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From: Shawn Lawton Henry
Date: Aug 13, 2004 2:18PM

> We also are implementing a text version.

I have posted before to this list the dangers of text versions for
accessibility. Those who have seen this before, please excuse the
repeat. I feel compelled to send it again as the issue keeps coming up.

- text-only versions are rarely totally equivalent in content to the
graphic ("real") version
- text-only is accessible to some, and not to others; for example people
with cognitive disabilities often benefit from graphical elements such
as effective icons and navigation areas set apart on a coloured
- when there is a text-only version available, developers usually do not
make the graphic ("real") version accessible

From "Understanding Web Accessibility" in "Constructing Accessible
Websites" [1]:

Myth: Just Add a Text-Only Version

A common approach to providing accessible web pages is to design a site,
and then make a separate accessible site, that is, text-only version.
The issue of text-only versions crosses into the idea of separate versus
inclusive design. In today's environment, providing separately developed
sites is rarely the best approach for accessibility, or for business.
(However, providing truly equivalent information that can be accessed
graphically or textually from the same content source is advantageous.)

In the past, common assistive technologies were not able to handle
complex web page designs. For example, screen readers read across the
screen, so multi-column newspaper-style layouts were not usable. It was
nearly impossible at one time to provide visually appealing, complex,
dynamic web sites that were also accessible. Therefore, designers were
faced with the choice of either significant constraints on their design
or providing a text-only version. Now, technologies let you develop
visually appealing, complex, dynamic web sites that are also accessible.
Style sheets offer more presentation functionality, assistive
technologies can handle layout tables, and browsers provide text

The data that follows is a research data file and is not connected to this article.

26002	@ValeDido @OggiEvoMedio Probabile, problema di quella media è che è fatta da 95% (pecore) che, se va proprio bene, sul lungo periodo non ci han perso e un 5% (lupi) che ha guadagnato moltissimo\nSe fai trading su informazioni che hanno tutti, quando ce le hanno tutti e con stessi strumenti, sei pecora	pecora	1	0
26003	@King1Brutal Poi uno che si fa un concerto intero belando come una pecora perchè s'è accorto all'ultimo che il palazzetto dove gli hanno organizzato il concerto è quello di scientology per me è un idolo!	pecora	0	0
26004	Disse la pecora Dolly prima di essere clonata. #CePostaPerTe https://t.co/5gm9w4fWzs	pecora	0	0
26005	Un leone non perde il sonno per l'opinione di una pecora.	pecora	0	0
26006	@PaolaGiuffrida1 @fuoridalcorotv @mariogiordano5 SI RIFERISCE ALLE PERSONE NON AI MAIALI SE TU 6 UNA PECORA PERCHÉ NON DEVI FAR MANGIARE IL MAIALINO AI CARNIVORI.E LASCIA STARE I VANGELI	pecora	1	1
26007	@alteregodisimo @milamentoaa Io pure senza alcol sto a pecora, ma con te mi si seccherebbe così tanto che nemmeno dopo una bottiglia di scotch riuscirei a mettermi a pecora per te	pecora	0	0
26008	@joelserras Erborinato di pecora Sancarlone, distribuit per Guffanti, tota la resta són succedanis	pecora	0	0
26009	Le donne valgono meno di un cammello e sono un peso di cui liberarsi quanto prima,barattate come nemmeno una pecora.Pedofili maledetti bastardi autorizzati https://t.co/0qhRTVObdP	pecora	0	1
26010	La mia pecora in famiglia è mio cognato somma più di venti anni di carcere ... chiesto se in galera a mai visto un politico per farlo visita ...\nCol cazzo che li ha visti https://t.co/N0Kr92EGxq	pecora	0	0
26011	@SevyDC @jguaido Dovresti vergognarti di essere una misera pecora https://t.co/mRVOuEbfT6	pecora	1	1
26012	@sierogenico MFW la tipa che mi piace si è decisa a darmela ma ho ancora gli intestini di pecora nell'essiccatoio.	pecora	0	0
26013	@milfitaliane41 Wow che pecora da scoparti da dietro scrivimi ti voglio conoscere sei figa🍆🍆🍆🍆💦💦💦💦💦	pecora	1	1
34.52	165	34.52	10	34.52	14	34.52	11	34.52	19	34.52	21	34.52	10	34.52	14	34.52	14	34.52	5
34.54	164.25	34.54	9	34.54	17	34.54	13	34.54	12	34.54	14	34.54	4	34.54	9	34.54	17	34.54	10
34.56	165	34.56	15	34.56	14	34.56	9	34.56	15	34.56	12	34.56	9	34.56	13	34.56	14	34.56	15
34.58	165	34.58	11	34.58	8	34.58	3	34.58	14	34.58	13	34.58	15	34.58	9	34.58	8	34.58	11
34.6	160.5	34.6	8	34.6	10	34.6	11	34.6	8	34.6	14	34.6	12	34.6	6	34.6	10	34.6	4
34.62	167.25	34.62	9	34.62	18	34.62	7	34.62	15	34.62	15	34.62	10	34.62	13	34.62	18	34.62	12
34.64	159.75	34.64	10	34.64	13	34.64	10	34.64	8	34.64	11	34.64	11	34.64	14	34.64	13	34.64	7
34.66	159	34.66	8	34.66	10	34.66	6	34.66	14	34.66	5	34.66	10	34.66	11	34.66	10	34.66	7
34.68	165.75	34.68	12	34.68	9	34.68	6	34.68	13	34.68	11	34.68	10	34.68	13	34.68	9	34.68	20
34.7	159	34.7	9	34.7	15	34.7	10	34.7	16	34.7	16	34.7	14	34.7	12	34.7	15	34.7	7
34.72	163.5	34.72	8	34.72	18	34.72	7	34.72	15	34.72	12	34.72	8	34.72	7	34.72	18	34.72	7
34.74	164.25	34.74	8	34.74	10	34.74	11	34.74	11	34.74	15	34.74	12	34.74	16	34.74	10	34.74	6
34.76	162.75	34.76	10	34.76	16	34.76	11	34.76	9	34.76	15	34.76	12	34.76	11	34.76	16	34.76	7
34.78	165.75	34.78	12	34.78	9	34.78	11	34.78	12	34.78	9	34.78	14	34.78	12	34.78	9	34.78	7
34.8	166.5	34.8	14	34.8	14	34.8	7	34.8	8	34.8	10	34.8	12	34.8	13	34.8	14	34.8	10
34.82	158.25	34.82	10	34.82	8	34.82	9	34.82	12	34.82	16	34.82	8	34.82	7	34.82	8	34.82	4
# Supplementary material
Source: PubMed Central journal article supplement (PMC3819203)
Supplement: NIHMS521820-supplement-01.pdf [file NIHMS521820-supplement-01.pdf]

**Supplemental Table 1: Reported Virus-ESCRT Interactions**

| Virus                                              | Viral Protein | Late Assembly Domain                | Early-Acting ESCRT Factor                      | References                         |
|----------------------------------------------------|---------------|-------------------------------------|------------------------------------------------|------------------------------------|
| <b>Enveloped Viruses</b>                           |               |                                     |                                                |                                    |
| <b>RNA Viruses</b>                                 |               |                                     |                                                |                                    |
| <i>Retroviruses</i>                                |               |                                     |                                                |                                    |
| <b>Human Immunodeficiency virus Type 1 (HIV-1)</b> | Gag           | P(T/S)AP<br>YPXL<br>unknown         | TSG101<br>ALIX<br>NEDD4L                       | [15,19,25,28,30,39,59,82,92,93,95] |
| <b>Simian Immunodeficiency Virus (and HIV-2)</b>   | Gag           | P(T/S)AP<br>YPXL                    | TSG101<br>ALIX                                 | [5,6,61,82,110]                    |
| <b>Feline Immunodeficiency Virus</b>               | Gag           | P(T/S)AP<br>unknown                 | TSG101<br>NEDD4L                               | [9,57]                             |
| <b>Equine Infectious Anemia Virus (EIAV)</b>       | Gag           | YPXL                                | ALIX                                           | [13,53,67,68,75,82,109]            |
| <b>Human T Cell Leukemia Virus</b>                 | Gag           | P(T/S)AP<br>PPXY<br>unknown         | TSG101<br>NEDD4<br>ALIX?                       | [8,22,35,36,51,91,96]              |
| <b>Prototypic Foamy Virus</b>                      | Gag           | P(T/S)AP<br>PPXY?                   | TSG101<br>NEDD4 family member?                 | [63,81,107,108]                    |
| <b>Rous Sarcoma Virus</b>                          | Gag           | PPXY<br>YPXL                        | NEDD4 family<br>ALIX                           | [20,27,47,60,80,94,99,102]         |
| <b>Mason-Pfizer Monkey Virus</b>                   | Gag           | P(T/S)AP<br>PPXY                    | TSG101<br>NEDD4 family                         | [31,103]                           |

resizing. Many recent technologies from the W3C such as Scaleable Vector
Graphics (SVG) actually provide more flexibility for presentation as
well as accessibility support.

There are several problems with providing a separate accessible site:

- Separate versions are rarely equal. When there are two versions of the
site, invariably, the text-only version does not get updated as
frequently as the main version. Even when organizations and individuals
have the best intentions of keeping two sites synchronized, the
realities of deadlines and limited resources interfere. As discussed
overleaf, emerging technologies and methodologies are minimizing this

- The primary version often lacks even the most basic accessibility.
Commonly, developers of alternative accessible text-only sites spend
little effort making the primary site accessible. The alternative site
is often optimized for screen readers, with all information provided
linearly and without graphics and color. However, some people would be
better off using an accessible primary site.

Some new tools generate both a primary site and a text-only site from a
single source of content, supposedly eliminating the first problem
mentioned, that of separate sites not being synchronized. In one such
implementation that I reviewed, the text-only site was fairly close in
content to the primary site. However, the alternative site was missing
promotional material. Therefore, users of the text-only version missed
out on special offers offered through the web site. Clearly this was

Certainly technologies and development efforts are beginning to provide
the tools and methodologies needed to ensure that truly equivalent
multiple versions of a site can be provided. For example, using XSLT to
transform XML documents into other markup more suited for specific
configurations or ASP to dynamically generate pages from database or XML
files. ... This is a promising development.


[1] From "Understanding Web Accessibility" chapter by Shawn Lawton Henry
in "Constructing Accessible Websites" book by Jim Thatcher, Cynthia
Waddell, Shawn Lawton Henry, Sarah Swierenga, Mark Urban, Michael Burks,
Paul Bohman, Publisher: APress; Reprint edition (July 14, 2003), ISBN: